Updated 03 December 2020
When your current mortgage deal is close to expiring, you’ll probably want to remortgage so that you don’t end up on the Standard Variable Rate (SVR), which can increase your repayments.
Here’s the remortgaging process explained, whether you’re looking to switch mortgage lender or find a new deal with your current one.
If you’re on an introductory deal such as a two- or five-year fixed rate, your lender will contact you well in advance of the expiry date, so you’ll know when you’re due to revert to the SVR. Assuming the SVR is higher your deal rate of interest (usually the case, though exceptions do occur), this is the time to investigate whether you can save money by remortgaging.
Your lender will provide you with a redemption statement on request. This tells you the amount needed to pay off the remaining mortgage loan (including fees). This is the amount you’d need to borrow if you choose to remortgage. Again, make sure you have this information in good time.
The easiest way to be sure of the best deal when you remortgage is to going through a mortgage broker. An independent mortgage adviser or broker can search the whole of the market to find the best deal for your circumstances, and usually has access to deals not available on the open market. Read about mortgage broker fees.
Decide whether to go for a repayment or interest-only mortgage. Interest-only mortgages have lower monthly repayments, but you’ll still need a way of repaying the loan at the end of the mortgage term. Again, a mortgage broker can help with this decision and help you find the best remortgage deal. Read more about the different types of mortgages.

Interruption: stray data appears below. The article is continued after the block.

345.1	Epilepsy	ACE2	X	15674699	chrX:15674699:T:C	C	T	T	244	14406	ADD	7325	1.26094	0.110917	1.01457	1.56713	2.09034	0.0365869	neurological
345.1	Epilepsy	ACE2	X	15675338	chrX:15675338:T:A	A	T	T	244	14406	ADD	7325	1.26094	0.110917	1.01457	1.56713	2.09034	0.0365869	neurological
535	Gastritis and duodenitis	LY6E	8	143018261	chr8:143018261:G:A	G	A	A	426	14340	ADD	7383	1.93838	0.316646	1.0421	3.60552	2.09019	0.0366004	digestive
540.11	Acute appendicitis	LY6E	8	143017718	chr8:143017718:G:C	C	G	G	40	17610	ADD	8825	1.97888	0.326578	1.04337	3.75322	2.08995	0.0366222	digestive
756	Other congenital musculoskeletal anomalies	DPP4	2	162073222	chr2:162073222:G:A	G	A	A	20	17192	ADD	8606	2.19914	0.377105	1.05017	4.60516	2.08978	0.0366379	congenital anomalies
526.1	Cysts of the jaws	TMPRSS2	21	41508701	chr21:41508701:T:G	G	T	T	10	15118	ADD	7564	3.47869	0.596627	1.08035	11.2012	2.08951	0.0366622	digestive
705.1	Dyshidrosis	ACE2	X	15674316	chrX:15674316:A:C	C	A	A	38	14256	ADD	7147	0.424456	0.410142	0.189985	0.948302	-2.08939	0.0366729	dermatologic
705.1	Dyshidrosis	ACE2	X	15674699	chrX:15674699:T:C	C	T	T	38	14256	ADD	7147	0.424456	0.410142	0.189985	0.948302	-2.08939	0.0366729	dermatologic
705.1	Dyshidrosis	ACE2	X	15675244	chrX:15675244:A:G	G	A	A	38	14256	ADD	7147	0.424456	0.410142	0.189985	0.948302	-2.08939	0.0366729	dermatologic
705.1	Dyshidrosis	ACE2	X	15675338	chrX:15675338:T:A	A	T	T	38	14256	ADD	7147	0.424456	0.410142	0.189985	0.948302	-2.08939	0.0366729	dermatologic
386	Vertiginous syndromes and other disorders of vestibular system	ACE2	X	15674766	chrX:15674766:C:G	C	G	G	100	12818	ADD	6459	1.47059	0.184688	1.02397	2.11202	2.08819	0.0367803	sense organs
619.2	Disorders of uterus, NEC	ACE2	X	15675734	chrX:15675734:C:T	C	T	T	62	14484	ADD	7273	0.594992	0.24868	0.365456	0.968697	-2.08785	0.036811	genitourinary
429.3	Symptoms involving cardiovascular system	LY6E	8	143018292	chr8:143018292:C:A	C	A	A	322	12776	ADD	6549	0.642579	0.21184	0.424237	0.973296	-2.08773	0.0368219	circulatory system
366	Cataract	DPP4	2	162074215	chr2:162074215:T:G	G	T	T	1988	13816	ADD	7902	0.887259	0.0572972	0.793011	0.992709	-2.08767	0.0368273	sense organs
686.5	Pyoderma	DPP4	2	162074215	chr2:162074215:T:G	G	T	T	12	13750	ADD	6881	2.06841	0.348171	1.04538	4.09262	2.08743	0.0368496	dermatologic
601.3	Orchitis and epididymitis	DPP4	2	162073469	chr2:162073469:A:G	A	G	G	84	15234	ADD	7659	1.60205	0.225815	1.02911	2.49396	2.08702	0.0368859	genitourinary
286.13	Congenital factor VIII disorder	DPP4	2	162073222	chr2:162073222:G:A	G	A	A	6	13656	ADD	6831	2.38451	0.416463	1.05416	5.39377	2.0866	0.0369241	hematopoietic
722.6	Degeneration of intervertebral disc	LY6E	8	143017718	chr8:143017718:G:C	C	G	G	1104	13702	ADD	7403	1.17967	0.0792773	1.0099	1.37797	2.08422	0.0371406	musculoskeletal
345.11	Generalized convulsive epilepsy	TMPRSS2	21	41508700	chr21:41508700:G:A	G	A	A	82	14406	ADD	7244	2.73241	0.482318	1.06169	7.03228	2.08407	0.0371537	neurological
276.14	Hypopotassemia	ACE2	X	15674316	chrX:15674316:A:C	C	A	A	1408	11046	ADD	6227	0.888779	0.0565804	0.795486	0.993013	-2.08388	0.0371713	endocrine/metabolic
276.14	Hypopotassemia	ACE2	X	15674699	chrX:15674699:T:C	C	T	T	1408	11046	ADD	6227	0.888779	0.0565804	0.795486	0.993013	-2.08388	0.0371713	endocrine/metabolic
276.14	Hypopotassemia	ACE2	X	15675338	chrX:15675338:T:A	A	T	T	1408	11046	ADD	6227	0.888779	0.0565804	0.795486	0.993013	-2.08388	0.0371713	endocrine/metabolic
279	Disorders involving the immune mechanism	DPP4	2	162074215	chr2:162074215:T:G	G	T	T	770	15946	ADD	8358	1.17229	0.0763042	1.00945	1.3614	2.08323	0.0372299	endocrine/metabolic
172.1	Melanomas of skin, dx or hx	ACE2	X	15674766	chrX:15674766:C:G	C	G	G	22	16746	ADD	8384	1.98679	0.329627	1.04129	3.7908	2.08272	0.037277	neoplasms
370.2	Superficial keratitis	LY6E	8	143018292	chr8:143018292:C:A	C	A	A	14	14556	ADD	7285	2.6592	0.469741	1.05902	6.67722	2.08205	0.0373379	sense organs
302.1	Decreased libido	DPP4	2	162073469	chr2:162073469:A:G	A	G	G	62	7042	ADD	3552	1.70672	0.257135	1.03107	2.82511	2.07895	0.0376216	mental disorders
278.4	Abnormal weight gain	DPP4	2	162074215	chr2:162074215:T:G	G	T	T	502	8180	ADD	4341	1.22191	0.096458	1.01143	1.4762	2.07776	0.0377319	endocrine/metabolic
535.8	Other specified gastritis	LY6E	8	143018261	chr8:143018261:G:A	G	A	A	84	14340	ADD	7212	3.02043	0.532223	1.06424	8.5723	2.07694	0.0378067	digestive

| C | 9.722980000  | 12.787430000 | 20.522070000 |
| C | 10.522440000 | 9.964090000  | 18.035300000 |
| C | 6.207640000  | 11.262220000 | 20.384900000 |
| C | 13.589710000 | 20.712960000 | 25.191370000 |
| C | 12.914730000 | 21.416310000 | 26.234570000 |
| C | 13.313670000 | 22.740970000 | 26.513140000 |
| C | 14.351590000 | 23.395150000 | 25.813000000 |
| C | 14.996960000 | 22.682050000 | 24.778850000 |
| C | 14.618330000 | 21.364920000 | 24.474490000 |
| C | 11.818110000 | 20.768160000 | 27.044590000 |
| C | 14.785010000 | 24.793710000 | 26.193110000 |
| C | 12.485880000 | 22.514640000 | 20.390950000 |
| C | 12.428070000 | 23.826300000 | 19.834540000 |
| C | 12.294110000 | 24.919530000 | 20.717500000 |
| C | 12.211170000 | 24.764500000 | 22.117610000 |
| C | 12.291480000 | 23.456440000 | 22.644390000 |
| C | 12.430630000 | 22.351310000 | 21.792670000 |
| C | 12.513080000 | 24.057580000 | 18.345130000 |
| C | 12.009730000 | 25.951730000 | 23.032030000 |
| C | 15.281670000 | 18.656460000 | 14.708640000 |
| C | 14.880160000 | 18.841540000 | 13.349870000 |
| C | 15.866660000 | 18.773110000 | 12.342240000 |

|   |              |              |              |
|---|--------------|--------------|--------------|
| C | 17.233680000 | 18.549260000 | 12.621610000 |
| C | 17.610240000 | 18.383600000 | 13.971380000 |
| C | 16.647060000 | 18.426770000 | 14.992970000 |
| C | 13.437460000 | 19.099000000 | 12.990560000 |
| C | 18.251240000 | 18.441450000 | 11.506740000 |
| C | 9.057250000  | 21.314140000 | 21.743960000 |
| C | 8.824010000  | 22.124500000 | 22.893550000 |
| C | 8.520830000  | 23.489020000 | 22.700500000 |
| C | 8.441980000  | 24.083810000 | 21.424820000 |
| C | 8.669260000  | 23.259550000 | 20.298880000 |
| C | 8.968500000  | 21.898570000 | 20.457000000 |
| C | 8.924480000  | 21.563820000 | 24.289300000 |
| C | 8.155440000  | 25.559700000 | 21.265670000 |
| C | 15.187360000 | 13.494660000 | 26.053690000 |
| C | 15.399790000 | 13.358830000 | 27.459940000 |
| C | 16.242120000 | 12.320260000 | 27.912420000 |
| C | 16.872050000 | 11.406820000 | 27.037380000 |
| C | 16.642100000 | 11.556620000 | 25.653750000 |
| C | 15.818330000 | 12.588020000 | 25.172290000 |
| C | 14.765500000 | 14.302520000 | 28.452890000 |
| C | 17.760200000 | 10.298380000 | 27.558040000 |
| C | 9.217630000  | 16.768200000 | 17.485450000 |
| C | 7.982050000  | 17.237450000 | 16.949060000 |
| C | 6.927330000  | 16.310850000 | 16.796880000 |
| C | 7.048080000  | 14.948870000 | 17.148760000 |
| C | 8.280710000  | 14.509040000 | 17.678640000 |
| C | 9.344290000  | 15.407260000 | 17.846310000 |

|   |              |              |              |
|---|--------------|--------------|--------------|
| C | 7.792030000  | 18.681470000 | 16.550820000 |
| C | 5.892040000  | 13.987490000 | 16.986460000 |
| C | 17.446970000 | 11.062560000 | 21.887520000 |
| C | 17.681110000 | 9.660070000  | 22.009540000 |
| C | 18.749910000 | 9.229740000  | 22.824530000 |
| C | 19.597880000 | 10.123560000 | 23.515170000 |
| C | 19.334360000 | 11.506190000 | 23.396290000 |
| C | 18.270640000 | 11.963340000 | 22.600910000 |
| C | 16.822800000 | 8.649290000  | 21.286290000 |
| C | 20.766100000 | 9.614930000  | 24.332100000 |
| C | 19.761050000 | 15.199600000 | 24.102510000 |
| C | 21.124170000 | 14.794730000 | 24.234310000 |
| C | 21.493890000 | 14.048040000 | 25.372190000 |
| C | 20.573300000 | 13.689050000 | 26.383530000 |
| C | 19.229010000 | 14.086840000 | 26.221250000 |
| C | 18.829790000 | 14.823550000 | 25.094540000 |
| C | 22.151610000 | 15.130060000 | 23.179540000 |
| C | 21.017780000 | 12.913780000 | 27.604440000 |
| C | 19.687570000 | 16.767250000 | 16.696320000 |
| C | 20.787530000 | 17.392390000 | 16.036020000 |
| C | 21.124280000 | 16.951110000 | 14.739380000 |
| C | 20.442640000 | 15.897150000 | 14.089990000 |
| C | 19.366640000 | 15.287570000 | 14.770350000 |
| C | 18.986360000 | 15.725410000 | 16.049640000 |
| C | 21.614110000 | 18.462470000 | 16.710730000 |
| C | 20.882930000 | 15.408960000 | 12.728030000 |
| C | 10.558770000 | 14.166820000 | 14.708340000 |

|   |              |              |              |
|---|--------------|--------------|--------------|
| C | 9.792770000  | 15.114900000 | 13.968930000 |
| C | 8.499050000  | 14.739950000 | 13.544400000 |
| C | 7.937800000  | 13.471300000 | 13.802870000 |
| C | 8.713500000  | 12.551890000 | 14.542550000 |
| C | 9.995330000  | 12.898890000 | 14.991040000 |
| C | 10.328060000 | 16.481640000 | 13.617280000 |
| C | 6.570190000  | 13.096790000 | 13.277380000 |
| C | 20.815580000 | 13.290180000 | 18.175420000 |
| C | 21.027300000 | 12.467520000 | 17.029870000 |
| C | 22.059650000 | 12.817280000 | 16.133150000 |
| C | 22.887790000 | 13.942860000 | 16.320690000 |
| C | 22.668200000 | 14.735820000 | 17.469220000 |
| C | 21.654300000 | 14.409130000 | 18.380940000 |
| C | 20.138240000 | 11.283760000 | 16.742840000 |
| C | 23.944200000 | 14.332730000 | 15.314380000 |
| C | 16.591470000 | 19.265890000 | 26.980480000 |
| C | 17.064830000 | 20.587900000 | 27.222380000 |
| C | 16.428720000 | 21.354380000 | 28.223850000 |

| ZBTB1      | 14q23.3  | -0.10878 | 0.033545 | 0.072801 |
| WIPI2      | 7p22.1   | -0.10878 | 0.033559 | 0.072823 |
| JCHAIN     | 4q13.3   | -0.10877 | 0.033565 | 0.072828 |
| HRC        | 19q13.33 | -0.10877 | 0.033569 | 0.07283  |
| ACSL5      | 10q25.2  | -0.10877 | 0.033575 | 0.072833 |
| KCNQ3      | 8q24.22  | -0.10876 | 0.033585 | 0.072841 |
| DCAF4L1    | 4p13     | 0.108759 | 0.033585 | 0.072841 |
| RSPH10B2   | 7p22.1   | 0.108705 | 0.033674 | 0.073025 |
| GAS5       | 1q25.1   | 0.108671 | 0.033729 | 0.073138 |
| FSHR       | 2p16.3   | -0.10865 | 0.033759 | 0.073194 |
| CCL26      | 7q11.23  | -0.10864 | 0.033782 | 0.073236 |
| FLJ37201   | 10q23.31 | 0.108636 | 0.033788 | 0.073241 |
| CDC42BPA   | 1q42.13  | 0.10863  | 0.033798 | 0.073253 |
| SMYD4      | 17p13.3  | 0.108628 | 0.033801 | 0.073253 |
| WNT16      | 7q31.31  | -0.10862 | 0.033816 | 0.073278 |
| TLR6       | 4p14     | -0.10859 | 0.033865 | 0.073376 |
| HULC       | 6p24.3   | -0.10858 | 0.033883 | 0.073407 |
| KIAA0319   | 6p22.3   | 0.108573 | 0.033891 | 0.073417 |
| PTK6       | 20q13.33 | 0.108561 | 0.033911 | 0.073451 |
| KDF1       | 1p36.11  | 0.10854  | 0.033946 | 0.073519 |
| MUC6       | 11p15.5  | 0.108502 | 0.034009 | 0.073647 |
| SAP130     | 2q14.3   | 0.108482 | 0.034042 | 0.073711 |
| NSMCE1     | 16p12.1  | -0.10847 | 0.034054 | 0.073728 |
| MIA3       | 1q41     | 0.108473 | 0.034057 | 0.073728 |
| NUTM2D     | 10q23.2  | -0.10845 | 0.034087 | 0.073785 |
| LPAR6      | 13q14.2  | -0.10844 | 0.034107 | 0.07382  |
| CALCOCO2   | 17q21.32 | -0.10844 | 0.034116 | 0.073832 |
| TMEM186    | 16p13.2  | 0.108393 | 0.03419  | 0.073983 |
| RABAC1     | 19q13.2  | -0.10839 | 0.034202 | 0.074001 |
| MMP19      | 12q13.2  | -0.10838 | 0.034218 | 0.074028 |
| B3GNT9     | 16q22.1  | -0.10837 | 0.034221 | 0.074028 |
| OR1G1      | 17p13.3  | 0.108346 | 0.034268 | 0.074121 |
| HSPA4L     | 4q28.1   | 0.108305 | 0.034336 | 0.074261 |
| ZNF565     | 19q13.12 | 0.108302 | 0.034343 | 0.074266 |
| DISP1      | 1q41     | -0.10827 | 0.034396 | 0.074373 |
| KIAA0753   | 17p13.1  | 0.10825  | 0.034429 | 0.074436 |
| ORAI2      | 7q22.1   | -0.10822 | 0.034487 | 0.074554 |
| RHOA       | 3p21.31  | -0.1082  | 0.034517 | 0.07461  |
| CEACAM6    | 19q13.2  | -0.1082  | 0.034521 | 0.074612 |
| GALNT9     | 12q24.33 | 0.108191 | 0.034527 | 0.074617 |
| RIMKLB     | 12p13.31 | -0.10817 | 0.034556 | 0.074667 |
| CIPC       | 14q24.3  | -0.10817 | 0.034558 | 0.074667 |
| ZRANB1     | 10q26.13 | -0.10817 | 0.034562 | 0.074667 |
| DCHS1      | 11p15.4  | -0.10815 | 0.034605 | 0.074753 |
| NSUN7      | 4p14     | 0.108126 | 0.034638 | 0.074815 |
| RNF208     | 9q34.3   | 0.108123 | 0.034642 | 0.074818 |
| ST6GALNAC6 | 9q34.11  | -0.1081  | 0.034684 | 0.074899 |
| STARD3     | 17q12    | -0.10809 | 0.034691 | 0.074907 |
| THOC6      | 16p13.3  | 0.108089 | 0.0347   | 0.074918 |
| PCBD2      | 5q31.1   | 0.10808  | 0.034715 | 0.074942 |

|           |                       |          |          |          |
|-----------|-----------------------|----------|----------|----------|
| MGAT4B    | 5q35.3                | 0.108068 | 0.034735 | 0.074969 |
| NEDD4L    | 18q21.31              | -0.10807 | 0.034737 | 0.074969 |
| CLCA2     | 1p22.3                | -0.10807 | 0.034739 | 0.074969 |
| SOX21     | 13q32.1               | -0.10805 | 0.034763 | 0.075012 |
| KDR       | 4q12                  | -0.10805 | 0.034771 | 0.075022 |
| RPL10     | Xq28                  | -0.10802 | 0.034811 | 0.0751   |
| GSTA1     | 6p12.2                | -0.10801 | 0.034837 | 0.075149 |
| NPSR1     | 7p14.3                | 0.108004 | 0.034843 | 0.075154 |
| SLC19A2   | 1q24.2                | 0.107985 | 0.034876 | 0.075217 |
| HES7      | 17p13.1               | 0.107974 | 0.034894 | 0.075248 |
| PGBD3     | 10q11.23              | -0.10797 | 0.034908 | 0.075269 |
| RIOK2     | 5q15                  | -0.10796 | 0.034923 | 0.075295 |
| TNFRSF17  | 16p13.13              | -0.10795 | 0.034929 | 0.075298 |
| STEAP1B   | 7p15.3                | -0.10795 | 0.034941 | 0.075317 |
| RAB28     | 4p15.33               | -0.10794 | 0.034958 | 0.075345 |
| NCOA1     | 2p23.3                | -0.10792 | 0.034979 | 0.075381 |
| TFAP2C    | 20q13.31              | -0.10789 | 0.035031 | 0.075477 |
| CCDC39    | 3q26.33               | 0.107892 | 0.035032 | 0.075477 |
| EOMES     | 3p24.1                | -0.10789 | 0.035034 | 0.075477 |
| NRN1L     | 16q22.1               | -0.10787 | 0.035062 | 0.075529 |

If you’re changing lender, you’ll need to appoint a solicitor or conveyancer. They will sort out any paperwork needed in the process e.g. drawing up and signing the mortgage deed and transferring the title of the property.
Having documents ready in advance will help speed up the remortgage process. The broker or bank will want to see some or all of:
If happy with your documents, the mortgage provider will give you a mortgage in principle (MIP), a written indication of how much they might be prepared to lend. This isn’t a mortgage offer and it’s not binding, but it’s a useful indicator of what you may be able to borrow. Also, if you’re remortgaging to buy a new home, estate agents take these seriously. A MIP lasts between 60 and 90 days, depending on the lender.
The lender will arrange a valuation, which the customer generally pays for, although some are included. This simply confirms the house is worth the amount you’re asking to borrow. It does not replace a survey to check the building’s condition, and in fact is sometimes done online.
If you already have a Mortgage in Principle and are applying for your mortgage with the same lender, you’ve done part of the legwork already.
If you haven’t, the mortgage broker or lender will ask you about your job and the industry you work in, your income, spending, credit history, deposit size and any other financial commitments. The more evidence you have of being a reliable repayer of credit, the more likely you are to have your application approved.
If the lender approves your mortgage application, they will send you and your solicitor a mortgage offer letter. The offer usually lasts six months and outlines the amount you can borrow based on the credit checks, income verification and property valuation together with any conditions.
Check the offer thoroughly to ensure details are correct. Let the lender know if anything is wrong or if your circumstances have changed in the meantime.
The solicitor requests the money from the new lender and uses it to pay off the old mortgage.
Your solicitor registers the mortgage holder’s details with the Land Registry. If applicable, the title deeds are transferred to the new lender.
To find out more, read the Unbiased Guide to remortgaging.
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